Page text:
The Sandin-Holl Pair — There’s nothing I love more than a good Rasmus Sandin stat. Among defenders with sheltered usage, here’s a look at the two best pairings in the NHL at controlling shot quality (expected goals) at 5v5 with at least 100 minutes together:
- Sandin-Dermott (69 xGF%)
- Sandin-Liljegren (66 xGF%)
I don’t think it’s a coincidence that a Sandin pair ranks #1 and #2 in this department. We can all clearly see he’s a slick puck-mover, which is backed up by the numbers, but he’s also an underrated rush defender.
There were a few times tonight where an opposing forward would be flying down his side of the ice with speed and Sandin managed to thwart the rush with solid gap control. Here’s a look at Tim Stützle trying to break him down 1-on-1.
Foot speed isn’t Sandin’s greatest strength, but he’s able to keep opponents in front of him with his positioning. As a quick side-note, I love the way Sandin bumps forwards after a dump-in, finding a way to get a body on the opponent to disrupt their momentum. Walking that fine line between interference and “legal interference” is an art where the best NHL defensemen excel.
Rush defense is also an area where Justin Holl has historically done well, which I’d argue was also the case tonight. More importantly, he looked more confident activating into the play, which we saw on his shorthanded goal. Beating his man up the ice and providing an outlet on the breakout is a big part of what’s made Holl an effective NHL defenseman in years past, so it was nice to see him get back to it.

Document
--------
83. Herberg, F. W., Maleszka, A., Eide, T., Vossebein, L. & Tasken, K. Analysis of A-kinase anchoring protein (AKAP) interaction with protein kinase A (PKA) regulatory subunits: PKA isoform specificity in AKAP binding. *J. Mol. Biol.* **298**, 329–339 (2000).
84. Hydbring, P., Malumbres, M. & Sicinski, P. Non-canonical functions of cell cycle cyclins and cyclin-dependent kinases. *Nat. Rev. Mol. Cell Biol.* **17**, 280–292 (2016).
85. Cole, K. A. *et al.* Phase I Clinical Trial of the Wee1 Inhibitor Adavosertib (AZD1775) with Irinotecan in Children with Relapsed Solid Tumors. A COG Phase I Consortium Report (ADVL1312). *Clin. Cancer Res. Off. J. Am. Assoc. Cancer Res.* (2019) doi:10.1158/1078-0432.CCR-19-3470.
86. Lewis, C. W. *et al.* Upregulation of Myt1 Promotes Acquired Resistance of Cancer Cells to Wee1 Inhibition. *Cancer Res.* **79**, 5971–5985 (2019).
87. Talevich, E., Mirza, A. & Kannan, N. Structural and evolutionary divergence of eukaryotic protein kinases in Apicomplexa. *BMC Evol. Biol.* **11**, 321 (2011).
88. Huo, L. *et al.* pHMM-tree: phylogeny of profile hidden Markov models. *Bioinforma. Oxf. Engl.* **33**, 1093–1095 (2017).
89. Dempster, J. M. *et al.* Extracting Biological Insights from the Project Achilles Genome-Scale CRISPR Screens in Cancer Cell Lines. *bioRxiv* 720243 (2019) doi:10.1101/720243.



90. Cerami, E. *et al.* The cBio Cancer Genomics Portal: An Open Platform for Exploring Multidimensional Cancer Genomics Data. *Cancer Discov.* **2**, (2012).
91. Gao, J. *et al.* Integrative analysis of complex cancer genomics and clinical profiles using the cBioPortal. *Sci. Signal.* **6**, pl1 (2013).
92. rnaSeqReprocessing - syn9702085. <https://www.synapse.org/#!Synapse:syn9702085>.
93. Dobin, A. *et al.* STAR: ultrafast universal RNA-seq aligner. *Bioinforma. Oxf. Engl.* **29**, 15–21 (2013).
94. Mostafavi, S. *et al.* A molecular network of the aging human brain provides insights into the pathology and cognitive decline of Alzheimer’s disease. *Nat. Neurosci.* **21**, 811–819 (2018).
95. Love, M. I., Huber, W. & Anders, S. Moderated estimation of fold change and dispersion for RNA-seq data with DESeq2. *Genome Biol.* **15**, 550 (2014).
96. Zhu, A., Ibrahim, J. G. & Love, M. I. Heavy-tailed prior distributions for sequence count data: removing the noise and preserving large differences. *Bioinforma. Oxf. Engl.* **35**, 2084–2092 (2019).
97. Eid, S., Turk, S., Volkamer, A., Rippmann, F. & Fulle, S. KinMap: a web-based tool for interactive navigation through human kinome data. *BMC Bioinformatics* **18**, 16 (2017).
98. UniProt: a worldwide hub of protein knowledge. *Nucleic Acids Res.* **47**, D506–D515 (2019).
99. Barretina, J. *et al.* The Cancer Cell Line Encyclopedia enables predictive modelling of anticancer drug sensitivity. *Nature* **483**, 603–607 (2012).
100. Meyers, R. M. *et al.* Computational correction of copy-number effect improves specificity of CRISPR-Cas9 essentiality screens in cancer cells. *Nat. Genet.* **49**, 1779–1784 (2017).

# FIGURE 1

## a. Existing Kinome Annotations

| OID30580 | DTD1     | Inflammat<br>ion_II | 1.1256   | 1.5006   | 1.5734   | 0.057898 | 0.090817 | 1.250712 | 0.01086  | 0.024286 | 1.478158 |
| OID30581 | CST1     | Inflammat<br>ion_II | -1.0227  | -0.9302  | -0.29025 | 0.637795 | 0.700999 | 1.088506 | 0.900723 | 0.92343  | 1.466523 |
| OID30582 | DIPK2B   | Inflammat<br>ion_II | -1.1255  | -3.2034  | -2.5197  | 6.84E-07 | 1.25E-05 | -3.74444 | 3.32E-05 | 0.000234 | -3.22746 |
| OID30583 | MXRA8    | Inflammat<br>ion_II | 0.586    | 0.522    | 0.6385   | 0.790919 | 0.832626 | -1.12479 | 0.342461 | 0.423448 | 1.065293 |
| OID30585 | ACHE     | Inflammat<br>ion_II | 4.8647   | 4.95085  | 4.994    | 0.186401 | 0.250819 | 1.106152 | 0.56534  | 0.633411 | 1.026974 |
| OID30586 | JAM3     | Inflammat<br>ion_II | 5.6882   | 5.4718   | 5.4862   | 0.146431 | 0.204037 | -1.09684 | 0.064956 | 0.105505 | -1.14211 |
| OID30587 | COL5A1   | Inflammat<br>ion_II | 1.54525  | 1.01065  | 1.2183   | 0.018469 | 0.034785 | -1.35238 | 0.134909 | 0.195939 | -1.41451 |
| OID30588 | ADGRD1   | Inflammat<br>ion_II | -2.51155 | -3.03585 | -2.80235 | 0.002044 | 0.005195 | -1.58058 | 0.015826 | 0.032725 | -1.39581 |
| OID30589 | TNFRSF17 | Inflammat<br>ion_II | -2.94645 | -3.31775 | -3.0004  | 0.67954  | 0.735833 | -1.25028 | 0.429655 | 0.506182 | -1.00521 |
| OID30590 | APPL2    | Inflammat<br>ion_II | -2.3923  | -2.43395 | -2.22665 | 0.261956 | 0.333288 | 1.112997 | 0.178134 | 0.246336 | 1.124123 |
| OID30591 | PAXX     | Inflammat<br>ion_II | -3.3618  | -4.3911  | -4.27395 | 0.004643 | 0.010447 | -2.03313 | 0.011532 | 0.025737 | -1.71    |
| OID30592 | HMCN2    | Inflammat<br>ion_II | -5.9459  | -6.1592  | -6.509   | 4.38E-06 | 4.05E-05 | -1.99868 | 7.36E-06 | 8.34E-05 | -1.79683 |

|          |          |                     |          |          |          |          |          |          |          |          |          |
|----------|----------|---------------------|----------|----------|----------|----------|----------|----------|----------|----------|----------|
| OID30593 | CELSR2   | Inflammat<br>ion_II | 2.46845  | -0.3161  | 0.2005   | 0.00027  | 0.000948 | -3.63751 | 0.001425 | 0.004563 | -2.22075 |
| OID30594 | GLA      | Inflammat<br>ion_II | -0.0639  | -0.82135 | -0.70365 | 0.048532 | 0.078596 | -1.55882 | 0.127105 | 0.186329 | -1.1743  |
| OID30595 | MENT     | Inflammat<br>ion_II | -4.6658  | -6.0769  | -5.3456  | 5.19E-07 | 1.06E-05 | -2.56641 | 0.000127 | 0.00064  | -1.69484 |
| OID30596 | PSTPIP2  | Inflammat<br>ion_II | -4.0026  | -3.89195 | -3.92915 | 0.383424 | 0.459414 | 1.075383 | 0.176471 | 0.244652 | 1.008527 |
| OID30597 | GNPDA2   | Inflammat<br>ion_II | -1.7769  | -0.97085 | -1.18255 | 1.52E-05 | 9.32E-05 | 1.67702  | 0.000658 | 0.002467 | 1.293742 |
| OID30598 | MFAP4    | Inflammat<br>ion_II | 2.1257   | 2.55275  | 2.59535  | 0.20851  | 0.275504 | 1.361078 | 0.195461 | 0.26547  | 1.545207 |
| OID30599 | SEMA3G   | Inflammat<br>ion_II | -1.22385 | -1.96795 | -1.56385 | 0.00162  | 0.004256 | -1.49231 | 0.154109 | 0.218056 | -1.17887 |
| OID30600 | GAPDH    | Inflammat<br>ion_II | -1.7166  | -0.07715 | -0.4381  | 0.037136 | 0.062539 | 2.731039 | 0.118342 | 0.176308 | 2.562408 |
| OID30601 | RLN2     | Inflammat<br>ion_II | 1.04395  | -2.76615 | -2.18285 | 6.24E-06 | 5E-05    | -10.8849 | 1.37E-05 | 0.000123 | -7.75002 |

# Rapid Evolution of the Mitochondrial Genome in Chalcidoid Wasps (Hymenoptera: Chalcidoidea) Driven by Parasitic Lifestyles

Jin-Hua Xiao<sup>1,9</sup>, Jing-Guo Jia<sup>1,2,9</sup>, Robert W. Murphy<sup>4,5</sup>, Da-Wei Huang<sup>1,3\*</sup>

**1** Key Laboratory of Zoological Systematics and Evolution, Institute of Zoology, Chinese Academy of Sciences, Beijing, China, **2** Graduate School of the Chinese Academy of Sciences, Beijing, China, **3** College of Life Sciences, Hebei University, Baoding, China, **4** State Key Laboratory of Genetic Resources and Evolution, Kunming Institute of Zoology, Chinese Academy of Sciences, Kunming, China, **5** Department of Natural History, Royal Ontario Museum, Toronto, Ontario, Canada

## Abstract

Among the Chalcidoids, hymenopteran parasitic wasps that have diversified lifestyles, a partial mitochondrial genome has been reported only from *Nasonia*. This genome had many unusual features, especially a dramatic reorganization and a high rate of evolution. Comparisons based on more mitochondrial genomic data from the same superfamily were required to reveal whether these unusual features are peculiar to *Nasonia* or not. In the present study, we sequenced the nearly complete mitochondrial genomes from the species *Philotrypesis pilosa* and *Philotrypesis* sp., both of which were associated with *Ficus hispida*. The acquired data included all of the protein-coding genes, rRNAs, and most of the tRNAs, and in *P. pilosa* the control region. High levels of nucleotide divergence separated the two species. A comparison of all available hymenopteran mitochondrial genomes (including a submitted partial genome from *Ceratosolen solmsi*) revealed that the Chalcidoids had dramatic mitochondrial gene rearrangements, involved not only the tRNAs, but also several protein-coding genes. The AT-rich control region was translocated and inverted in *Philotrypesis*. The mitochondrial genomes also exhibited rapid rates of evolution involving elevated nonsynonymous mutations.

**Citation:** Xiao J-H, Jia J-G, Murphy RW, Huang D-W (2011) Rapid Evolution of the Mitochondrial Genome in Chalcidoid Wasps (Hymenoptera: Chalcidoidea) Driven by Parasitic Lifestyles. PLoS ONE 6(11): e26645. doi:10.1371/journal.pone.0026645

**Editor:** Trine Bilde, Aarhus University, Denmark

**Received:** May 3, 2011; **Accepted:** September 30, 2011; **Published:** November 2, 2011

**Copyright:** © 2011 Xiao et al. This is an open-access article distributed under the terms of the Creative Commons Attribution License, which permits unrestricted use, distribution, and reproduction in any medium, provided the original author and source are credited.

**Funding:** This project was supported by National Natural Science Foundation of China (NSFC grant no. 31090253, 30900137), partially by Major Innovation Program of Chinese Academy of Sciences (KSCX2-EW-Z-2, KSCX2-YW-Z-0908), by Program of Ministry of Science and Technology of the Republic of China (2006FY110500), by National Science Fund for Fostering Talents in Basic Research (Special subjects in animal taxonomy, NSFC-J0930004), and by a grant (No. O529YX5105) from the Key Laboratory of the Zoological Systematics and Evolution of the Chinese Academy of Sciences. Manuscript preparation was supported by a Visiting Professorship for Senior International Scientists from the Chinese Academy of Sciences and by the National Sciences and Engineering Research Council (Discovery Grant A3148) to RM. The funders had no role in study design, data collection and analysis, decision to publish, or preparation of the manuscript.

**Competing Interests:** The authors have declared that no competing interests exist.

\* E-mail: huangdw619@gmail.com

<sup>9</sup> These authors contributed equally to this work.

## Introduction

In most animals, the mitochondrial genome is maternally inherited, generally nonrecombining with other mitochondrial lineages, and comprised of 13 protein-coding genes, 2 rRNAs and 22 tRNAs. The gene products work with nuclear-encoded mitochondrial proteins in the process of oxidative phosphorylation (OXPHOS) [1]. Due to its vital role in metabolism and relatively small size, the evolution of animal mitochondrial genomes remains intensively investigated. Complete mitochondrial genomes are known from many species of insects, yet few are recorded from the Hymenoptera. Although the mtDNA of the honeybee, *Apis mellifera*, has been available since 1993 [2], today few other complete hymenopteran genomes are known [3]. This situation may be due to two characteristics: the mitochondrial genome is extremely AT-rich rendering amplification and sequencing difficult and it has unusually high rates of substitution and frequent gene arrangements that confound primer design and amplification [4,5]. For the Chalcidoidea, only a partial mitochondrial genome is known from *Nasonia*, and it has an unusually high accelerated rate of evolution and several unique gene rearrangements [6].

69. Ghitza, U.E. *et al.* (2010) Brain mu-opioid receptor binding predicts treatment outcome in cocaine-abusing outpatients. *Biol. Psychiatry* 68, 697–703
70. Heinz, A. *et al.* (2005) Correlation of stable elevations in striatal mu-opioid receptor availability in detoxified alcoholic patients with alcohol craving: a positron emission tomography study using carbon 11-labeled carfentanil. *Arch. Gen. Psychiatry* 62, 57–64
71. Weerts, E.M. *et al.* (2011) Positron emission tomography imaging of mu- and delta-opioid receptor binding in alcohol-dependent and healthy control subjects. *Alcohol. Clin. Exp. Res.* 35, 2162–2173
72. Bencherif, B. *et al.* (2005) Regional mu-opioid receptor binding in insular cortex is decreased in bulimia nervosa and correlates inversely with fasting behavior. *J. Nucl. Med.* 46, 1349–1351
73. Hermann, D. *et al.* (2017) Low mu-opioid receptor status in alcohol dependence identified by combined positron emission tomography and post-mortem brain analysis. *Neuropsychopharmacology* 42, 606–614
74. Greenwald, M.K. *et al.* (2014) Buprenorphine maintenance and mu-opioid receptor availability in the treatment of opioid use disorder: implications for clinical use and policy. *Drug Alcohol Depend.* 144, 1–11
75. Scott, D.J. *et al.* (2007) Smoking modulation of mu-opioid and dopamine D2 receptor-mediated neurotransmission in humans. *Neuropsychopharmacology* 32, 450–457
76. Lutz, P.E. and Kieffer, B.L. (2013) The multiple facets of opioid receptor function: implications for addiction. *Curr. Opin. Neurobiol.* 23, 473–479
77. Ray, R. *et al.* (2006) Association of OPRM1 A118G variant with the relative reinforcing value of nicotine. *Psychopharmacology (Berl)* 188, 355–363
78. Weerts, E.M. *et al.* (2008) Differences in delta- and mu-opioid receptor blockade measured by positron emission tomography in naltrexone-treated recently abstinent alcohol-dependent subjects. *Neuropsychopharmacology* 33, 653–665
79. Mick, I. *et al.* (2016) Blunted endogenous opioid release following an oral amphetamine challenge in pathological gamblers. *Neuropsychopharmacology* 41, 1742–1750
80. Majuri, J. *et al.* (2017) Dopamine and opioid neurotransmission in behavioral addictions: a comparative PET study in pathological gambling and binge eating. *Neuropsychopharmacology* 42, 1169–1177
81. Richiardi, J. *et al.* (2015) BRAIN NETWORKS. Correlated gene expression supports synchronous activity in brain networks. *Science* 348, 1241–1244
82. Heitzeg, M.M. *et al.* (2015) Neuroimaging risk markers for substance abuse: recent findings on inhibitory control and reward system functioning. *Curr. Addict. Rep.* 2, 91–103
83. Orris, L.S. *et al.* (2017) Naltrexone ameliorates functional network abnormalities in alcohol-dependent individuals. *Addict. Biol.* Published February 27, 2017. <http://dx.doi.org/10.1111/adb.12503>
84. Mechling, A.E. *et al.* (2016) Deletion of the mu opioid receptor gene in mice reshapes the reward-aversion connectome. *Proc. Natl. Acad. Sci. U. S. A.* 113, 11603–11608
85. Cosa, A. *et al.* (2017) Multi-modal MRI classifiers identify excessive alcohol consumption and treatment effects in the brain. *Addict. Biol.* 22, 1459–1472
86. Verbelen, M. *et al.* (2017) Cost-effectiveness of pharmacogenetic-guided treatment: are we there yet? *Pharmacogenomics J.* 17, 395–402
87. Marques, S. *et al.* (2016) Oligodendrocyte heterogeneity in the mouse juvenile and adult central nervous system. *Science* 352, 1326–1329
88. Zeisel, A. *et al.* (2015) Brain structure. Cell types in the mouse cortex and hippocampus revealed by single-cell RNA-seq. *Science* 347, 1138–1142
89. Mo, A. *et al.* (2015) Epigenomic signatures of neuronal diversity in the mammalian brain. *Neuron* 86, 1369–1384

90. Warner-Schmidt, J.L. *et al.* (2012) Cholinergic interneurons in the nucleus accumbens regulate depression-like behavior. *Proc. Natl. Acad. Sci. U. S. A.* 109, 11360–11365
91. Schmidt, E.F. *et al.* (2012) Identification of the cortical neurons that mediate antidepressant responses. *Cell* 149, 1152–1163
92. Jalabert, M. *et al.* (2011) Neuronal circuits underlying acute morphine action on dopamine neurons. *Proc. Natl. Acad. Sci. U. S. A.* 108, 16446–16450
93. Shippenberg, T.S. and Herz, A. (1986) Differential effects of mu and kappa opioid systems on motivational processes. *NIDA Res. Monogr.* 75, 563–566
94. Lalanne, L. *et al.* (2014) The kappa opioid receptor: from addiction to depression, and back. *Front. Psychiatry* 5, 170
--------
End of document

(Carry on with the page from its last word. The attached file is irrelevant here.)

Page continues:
Now, let’s see if he can do it with Muzzin.
Jack Campbell (G, #36) — Am I being too harsh by giving Campbell a 3/5 star grade on a night where he stopped 23/23 shots? Probably, but it’s to make the point that this was a team shutout from Toronto’s defense. They had the puck for so much of the game, they didn’t really need to actually “defend” too often.
On the few chances Campbell actually needed to stop, he looked solid moving from side-to-side in his crease to get across for an Erik Branstrom one-timer. He also turned aside Ottawa’s most dangerous forward of the night, Alex Formenton, after an uncharacteristic Jason Spezza blunder.
If we’re being honest, though, Campbell didn’t need to do much on Saturday night. The team in front of him made life pretty easy.
The Fourth Line — We don’t need 10 paragraphs here, so I’ll be quick. Pierre Engvall did a solid job using his speed and length to get in on the forecheck and tie up the opposing defender on puck retrievals. Jason Spezza had a few nice zone entries with speed and made some skilled players when given the puck, but didn’t get as many puck-touches as we’ve grown accustomed to seeing over the last year.